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I wrote previously of the anti-choice attack on palliative
care and the vulnerability of providers whose protection rests on proof of
their “intent” when providing palliation. The powerful forces for which purity
of intent is more important than relief of suffering are fixed on legislating
their view of medicine’s proper role at life’s end. They are advancing their
agenda with little opposition from practitioners.

At its own peril the medical lobby ignores bills that 1)
raise the bar on what will pass for lawful practice and thought, 2) magnify
penalties for those found guilty of forbidden thoughts and intentions and 3) encourage
scrutiny and whistleblowing by onlookers and medical colleagues.

A recent Georgia bill illustrates the danger.

Georgia’s Governor Nathan Deal

Georgia’s
governor recently signed HB 1114
, prohibiting assisted suicide.  Shaped by Georgia Right to Life and the
Georgia Catholic Conference (thanked from the floor of the Legislative Assembly)
and with no visible objection from the physician community HB 1114 purports to
outlaw suicide assistance. Here I would like to affirm my strong support for
clear laws and harsh penalties for those who incite and abet suicide.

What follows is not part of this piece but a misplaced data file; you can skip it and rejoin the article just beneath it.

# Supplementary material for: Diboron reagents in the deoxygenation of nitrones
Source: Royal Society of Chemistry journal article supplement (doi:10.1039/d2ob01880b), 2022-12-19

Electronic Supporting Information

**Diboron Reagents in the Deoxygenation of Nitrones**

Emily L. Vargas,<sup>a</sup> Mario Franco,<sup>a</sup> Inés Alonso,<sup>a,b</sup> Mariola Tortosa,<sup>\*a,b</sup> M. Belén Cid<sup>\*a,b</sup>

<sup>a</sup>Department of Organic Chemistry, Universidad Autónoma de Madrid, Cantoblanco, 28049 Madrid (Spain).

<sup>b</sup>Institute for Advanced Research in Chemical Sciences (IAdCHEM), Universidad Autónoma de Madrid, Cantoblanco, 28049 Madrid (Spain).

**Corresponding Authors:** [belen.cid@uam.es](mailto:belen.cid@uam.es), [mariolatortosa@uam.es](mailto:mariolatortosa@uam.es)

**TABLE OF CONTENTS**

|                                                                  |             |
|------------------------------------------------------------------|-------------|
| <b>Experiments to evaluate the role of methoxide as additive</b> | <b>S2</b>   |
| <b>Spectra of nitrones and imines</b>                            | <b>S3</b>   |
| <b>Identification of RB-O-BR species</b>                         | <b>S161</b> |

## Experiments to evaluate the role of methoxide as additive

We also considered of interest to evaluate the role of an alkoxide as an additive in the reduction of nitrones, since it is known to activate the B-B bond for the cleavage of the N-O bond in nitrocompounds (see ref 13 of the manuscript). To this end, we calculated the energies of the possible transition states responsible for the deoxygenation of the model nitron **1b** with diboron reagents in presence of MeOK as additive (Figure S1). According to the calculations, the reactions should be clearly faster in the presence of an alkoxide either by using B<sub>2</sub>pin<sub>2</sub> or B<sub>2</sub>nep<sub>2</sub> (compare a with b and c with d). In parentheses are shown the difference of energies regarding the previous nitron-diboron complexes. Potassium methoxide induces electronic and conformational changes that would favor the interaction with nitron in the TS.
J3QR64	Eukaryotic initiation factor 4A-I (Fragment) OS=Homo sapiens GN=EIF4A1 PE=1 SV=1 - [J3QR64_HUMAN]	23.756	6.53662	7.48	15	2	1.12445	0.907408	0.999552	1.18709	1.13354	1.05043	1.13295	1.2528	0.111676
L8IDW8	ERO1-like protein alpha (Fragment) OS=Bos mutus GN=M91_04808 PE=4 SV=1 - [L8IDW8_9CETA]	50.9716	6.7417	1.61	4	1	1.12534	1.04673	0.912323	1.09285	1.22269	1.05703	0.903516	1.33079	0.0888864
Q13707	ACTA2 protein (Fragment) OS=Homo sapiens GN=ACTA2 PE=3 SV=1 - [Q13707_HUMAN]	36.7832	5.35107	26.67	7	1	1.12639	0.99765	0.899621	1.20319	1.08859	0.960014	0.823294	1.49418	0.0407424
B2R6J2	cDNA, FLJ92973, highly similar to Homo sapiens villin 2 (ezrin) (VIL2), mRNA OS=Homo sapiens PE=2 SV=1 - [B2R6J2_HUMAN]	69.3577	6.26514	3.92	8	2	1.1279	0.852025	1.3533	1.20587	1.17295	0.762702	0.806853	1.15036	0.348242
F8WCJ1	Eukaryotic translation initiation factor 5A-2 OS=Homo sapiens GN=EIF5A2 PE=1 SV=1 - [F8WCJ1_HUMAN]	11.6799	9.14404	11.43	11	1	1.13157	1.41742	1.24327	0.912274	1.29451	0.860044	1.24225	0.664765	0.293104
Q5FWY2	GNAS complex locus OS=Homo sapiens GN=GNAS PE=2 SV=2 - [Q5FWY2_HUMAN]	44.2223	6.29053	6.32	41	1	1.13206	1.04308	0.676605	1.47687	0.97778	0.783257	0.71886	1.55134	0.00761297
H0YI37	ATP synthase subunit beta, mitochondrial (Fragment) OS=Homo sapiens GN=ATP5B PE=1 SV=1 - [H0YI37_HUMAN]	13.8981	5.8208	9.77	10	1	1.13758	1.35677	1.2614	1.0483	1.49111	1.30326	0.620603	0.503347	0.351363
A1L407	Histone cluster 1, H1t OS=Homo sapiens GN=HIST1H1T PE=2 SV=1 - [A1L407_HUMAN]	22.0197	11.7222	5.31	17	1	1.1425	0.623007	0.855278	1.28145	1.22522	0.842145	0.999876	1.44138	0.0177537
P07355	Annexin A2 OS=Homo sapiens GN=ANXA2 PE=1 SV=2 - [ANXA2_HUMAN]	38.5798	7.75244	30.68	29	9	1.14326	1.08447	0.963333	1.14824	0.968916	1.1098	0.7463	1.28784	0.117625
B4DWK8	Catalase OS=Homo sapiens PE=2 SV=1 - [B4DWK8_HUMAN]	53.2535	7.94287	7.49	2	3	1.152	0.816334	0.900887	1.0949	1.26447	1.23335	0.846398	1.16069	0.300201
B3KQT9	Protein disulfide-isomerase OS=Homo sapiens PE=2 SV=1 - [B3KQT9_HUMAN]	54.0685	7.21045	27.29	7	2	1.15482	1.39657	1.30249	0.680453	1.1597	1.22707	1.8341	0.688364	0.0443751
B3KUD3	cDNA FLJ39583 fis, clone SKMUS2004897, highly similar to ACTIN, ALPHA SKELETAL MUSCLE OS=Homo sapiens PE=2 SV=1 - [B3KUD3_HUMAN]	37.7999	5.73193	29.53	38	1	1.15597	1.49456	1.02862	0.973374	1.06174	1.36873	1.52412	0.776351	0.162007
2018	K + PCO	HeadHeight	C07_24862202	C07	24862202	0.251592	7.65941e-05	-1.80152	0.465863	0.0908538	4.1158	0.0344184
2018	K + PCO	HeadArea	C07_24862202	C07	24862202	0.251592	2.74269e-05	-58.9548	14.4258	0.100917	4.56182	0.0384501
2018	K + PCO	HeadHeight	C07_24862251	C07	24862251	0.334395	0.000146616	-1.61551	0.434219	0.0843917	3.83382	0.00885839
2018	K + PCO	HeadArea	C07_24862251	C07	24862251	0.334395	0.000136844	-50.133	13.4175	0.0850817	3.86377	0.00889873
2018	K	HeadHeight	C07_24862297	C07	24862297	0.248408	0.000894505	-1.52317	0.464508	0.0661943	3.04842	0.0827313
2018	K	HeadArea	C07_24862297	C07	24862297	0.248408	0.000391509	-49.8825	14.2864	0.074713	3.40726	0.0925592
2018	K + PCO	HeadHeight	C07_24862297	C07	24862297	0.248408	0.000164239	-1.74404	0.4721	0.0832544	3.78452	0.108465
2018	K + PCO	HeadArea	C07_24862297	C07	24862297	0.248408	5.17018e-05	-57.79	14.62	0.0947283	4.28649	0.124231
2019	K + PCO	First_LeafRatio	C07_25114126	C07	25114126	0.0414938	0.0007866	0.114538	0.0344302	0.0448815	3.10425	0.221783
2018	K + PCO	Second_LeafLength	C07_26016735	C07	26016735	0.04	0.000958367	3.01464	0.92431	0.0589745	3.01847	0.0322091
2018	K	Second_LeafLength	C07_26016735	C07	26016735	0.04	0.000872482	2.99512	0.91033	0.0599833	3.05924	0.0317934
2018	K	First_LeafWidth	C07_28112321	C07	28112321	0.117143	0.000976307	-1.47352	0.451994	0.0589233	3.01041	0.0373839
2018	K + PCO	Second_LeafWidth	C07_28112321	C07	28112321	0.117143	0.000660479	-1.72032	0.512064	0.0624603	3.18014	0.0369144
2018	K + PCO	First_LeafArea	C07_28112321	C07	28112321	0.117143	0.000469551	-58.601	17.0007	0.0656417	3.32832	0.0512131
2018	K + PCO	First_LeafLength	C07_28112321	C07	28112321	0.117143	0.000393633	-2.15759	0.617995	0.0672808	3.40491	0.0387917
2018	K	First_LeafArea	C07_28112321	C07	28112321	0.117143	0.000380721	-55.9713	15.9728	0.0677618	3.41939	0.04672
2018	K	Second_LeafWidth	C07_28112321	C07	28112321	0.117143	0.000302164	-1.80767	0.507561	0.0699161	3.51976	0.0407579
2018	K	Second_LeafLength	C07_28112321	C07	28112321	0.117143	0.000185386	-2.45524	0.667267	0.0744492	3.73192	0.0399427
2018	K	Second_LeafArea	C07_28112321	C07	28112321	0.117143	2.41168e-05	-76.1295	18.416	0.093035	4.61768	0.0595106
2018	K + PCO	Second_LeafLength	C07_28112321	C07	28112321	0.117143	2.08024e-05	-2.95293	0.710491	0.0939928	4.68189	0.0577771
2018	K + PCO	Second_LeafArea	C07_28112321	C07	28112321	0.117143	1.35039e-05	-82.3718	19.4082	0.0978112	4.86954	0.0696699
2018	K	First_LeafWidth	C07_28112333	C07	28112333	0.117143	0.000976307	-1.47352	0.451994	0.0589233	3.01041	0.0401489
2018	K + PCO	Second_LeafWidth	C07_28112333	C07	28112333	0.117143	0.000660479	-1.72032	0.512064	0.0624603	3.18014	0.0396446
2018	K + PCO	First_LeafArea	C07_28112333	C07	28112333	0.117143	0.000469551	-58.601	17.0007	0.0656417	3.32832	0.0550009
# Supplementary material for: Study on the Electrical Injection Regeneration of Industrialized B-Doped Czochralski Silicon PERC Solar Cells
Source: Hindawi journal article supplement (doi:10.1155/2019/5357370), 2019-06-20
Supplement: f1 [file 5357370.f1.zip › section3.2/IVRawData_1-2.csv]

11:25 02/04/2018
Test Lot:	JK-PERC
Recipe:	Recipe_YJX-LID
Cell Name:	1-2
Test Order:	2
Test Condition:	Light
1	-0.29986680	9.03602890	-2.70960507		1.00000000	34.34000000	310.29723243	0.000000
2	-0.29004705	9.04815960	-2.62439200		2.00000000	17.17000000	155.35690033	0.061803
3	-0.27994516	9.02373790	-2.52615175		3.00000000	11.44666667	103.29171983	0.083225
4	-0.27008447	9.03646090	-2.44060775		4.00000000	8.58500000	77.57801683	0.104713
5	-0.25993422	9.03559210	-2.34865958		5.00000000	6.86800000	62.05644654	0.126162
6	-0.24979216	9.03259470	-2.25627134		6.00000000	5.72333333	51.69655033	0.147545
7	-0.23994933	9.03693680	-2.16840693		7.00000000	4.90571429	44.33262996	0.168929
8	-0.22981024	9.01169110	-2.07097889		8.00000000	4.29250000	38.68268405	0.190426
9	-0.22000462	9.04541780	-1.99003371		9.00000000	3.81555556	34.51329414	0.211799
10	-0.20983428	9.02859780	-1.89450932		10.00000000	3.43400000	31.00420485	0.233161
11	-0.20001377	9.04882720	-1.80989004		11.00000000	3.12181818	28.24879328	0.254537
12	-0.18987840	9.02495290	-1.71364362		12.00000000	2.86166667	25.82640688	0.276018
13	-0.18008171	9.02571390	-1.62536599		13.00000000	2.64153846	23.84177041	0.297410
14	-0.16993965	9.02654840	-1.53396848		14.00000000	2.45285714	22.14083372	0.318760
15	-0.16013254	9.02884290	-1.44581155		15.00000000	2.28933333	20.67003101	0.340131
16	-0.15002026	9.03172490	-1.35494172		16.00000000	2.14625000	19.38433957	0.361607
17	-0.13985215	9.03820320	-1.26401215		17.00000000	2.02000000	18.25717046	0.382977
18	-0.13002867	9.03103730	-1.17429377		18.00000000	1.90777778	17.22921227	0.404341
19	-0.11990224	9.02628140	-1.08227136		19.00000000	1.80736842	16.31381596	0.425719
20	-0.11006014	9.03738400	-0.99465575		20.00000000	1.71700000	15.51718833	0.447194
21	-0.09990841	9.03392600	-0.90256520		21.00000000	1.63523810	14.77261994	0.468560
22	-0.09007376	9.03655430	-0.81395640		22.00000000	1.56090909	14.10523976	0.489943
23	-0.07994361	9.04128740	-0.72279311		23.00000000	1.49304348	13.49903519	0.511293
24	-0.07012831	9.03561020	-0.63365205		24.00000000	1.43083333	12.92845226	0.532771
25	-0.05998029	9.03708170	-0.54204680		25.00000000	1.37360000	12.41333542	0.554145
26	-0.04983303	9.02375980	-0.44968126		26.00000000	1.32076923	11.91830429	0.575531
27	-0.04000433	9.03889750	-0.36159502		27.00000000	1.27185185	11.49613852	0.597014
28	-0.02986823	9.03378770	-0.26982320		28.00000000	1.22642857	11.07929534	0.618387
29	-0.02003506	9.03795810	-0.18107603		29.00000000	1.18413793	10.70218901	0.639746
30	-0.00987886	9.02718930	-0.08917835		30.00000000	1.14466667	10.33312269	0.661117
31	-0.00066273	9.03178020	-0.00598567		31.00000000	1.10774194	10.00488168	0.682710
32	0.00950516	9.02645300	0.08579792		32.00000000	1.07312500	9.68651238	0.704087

But a mere 19 of this bill’s 57 lines address actual
criminal behavior.  The bill’s drafters
wasted few words on perpetrators of violence, guns, nooses and other atrocities
by which online predators and other malicious enablers encourage
self-destructive impulses of the mentally ill. The heinous crime of inciting a
despondent or disturbed person to kill themselves seems almost an afterthought
in this bill.

The bulk of the bill — 37 lines — frets over patient
decision-making and medical treatment in minute detail. It focuses on doctors
more than the voyeurs and predators that endanger society. The new law repeatedly
specifies that any withholding, withdrawing, prescribing, administering or
dispensing must be solely intended and calculated to relieve symptoms and never
to cause death. Some tried to allow treatment that “eases the dying process,”
but the lawmakers deemed that language too permissive and generous.

As readers of this blog well know, end-of-life medical practice
is rarely as clear-cut as lawyers make it out to be. Opiates and sedatives upon
ventilator removal, palliative sedation for symptoms requiring unconsciousness,
increasing doses of opiates when patients suffer escalating pain or